Hospitals meeting cardiac care standards
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Holston Valley Medical Center and Bristol Regional Medical Center have signed on as participating partners and are already meeting benchmark standards for emergency cardiac intervention aimed at reducing damage to the heart, or even saving the life, of patients who suffer a sudden heart attack. A list of participating hospitals in an initiative called D2B: An Alliance for Quality was highlighted last week by the American College of Cardiology, and Bristol Regional and Holston Valley are included as partners in this nationwide push for better, quicker emergency heart care. D2B stands for "door-to-balloon," or the common term for emergency angioplasty in heart attack cases. The American College of Cardiology, in partnering with the American Heart Association and other health care organizations, set a door-to-balloon guideline of 90 minutes or less as the time hospitals should strive toward for medical intervention - oftentimes rapid angioplasty to clear a blocked artery. The ACC and the American Heart Association formed the 90-minute D2B initiative in November of 2006, based largely on a study published in the New England Journal of Medicine that said many hospitals needed to streamline operations for emergency door-to-balloon care. Holston Valley and Bristol Regional began moving toward the new door-to-balloon guidelines months ago, according to a news release from Wellmont Health System, the nonprofit group that owns both hospitals.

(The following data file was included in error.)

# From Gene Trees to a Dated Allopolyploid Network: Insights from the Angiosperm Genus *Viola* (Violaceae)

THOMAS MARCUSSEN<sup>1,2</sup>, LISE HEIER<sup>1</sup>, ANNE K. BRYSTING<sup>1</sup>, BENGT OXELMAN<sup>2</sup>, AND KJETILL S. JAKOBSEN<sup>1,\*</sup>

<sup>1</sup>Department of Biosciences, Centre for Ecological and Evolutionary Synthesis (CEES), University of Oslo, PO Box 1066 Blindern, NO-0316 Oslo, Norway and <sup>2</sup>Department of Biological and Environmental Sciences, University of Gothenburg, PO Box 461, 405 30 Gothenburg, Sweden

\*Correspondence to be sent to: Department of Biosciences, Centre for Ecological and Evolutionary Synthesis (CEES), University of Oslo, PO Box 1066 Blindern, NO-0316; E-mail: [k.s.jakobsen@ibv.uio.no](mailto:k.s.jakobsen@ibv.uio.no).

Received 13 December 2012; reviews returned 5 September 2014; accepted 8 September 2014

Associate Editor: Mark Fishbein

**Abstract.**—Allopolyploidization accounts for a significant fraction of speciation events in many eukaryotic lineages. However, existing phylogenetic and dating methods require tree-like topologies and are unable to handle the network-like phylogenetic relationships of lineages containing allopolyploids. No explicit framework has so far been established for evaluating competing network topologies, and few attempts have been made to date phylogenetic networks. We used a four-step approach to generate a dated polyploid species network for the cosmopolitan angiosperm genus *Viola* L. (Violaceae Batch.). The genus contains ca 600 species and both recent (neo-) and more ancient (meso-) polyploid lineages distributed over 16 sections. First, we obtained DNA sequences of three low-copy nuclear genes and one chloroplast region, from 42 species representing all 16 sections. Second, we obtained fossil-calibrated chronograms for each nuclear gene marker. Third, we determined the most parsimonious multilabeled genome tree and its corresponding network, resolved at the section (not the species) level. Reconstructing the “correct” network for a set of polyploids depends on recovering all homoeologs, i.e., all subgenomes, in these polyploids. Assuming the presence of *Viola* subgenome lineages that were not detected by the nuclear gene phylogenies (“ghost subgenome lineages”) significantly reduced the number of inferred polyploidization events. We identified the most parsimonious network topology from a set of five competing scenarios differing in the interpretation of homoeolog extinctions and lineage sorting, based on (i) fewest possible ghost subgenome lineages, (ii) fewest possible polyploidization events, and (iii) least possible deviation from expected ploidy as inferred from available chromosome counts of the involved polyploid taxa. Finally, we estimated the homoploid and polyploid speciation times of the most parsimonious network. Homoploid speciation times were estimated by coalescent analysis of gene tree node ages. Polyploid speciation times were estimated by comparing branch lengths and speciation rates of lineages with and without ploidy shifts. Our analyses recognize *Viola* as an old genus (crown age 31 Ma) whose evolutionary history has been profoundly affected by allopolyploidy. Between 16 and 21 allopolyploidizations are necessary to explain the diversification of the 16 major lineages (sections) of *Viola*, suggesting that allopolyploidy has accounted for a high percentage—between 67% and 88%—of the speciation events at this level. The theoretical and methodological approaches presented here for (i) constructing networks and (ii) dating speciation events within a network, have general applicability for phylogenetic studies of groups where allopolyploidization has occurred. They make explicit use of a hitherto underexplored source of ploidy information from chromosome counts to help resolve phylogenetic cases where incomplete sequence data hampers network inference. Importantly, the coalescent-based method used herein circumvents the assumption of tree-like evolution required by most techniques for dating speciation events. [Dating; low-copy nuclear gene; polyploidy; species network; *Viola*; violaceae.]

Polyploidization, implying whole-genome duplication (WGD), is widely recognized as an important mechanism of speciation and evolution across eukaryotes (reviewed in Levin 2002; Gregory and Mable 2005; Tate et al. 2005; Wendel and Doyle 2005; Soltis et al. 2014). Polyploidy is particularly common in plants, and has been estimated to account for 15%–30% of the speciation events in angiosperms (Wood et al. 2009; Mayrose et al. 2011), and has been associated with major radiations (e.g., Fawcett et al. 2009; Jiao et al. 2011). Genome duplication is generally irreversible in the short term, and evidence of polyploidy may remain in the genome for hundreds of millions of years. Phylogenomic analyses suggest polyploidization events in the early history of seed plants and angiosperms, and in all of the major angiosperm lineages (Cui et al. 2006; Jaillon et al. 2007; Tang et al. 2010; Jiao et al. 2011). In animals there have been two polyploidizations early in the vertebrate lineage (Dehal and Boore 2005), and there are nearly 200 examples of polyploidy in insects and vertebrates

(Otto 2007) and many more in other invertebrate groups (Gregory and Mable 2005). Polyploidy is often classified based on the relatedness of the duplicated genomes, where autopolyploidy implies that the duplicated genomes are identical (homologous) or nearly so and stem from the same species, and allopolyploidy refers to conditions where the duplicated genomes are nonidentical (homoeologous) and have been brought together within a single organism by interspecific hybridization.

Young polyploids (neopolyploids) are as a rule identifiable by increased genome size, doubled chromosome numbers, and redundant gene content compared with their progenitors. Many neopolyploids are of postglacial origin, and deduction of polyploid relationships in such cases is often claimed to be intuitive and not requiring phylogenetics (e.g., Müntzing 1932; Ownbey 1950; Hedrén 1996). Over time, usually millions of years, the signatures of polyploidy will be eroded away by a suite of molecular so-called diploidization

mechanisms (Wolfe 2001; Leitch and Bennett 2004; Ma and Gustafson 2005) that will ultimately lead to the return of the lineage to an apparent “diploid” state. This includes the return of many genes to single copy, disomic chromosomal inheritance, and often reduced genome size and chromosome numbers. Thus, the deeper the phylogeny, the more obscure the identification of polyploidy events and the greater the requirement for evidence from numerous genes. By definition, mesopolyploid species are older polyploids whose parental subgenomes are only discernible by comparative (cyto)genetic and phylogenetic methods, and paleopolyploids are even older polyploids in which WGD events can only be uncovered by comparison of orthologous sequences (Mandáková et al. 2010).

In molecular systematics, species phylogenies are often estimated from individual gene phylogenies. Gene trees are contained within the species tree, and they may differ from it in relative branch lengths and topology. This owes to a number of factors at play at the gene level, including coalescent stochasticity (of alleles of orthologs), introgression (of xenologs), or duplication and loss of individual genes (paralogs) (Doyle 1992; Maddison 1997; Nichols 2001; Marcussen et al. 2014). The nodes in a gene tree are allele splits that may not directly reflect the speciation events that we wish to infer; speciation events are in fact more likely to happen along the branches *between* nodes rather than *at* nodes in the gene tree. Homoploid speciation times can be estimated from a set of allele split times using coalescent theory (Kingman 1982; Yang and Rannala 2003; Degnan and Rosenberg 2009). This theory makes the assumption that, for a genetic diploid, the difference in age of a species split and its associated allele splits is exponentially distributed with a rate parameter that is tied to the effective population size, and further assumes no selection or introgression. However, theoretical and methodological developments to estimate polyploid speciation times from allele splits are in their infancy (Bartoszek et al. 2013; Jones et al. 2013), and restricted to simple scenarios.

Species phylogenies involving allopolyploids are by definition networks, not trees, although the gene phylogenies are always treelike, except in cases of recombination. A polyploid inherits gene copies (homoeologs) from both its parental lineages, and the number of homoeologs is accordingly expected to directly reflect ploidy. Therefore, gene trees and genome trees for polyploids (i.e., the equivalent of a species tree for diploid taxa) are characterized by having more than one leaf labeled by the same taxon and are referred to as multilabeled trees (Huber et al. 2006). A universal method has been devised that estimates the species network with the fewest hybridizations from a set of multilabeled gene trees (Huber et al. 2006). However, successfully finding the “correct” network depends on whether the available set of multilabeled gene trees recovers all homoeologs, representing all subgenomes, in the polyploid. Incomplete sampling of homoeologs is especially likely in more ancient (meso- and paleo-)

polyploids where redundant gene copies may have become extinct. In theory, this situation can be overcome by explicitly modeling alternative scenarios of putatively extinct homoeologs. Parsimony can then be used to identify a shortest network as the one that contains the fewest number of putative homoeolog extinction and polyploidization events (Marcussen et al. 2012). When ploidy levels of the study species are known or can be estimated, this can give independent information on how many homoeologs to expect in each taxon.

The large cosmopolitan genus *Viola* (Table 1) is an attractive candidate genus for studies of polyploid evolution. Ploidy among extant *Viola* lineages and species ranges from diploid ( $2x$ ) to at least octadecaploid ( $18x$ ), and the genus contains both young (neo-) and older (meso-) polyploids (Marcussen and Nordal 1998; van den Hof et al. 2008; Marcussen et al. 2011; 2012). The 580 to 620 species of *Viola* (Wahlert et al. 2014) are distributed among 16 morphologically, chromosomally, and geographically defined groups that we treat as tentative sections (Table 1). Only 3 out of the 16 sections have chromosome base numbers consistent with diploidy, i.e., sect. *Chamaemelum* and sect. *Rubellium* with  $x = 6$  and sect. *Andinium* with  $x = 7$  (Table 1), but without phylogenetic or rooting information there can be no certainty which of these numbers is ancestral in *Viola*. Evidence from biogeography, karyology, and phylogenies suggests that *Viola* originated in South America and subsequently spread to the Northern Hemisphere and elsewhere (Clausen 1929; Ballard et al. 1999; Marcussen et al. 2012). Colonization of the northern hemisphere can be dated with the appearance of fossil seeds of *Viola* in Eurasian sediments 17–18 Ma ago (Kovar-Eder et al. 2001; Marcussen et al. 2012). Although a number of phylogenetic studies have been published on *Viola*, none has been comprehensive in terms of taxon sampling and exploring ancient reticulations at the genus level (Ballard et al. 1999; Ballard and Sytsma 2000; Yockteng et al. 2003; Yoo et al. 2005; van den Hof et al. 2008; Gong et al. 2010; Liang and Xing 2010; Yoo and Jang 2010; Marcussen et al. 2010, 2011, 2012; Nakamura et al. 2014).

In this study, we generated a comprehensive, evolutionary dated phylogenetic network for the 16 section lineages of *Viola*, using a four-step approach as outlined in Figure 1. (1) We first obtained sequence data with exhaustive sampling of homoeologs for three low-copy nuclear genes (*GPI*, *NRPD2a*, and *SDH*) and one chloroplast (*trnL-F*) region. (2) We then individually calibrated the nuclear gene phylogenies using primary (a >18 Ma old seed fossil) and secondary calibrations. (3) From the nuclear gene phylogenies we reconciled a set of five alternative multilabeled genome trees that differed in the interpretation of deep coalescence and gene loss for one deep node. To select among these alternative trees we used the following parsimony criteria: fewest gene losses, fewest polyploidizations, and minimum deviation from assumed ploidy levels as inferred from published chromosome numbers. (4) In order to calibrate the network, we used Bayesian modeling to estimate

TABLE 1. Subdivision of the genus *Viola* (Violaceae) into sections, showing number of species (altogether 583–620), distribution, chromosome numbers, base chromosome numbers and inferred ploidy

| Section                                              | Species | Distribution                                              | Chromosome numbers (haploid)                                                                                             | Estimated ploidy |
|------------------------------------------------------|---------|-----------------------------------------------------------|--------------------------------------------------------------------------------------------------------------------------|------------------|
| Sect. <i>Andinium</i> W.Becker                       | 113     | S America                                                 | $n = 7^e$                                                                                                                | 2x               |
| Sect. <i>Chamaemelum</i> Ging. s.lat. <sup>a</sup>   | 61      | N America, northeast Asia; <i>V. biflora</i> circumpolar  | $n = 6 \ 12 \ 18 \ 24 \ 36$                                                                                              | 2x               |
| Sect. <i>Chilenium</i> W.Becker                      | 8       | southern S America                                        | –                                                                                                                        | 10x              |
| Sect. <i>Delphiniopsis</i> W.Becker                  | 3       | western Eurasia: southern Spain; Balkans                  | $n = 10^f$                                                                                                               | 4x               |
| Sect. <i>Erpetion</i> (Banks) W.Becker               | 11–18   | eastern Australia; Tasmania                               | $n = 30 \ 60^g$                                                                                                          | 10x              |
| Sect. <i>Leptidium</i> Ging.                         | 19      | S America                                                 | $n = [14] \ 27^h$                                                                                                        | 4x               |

IRS warns of phony phishing e-mails
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NASHVILLE - The Internal Revenue Service has alerted taxpayers about Internet scams in which fraudulent e-mails are sent that appear to be from the IRS. The e-mails direct the consumer to a Web link that requests personal and financial information, such as Social Security, bank account or credit card numbers. The practice of tricking victims into revealing private personal and financial information over the Internet is known as "phishing" for information. The IRS does not send out unsolicited e-mails or ask for detailed personal and financial information. Additionally, the IRS never asks people for the PIN numbers, passwords or similar secret access information for their credit card, bank or other financial accounts. The information fraudulently obtained by scammers is used to steal the taxpayer's identity and then his or her financial assets. Generally, identity thieves use someone's personal data to steal his or her financial accounts, run up charges on the victim's existing credit cards, apply for new loans, credit cards, services or benefits in the victim's name and even file fraudulent tax returns to obtain refunds rightfully belonging to the victim. "The IRS doesn't ever send unsolicited e-mail," said IRS spokesman Dan Boone.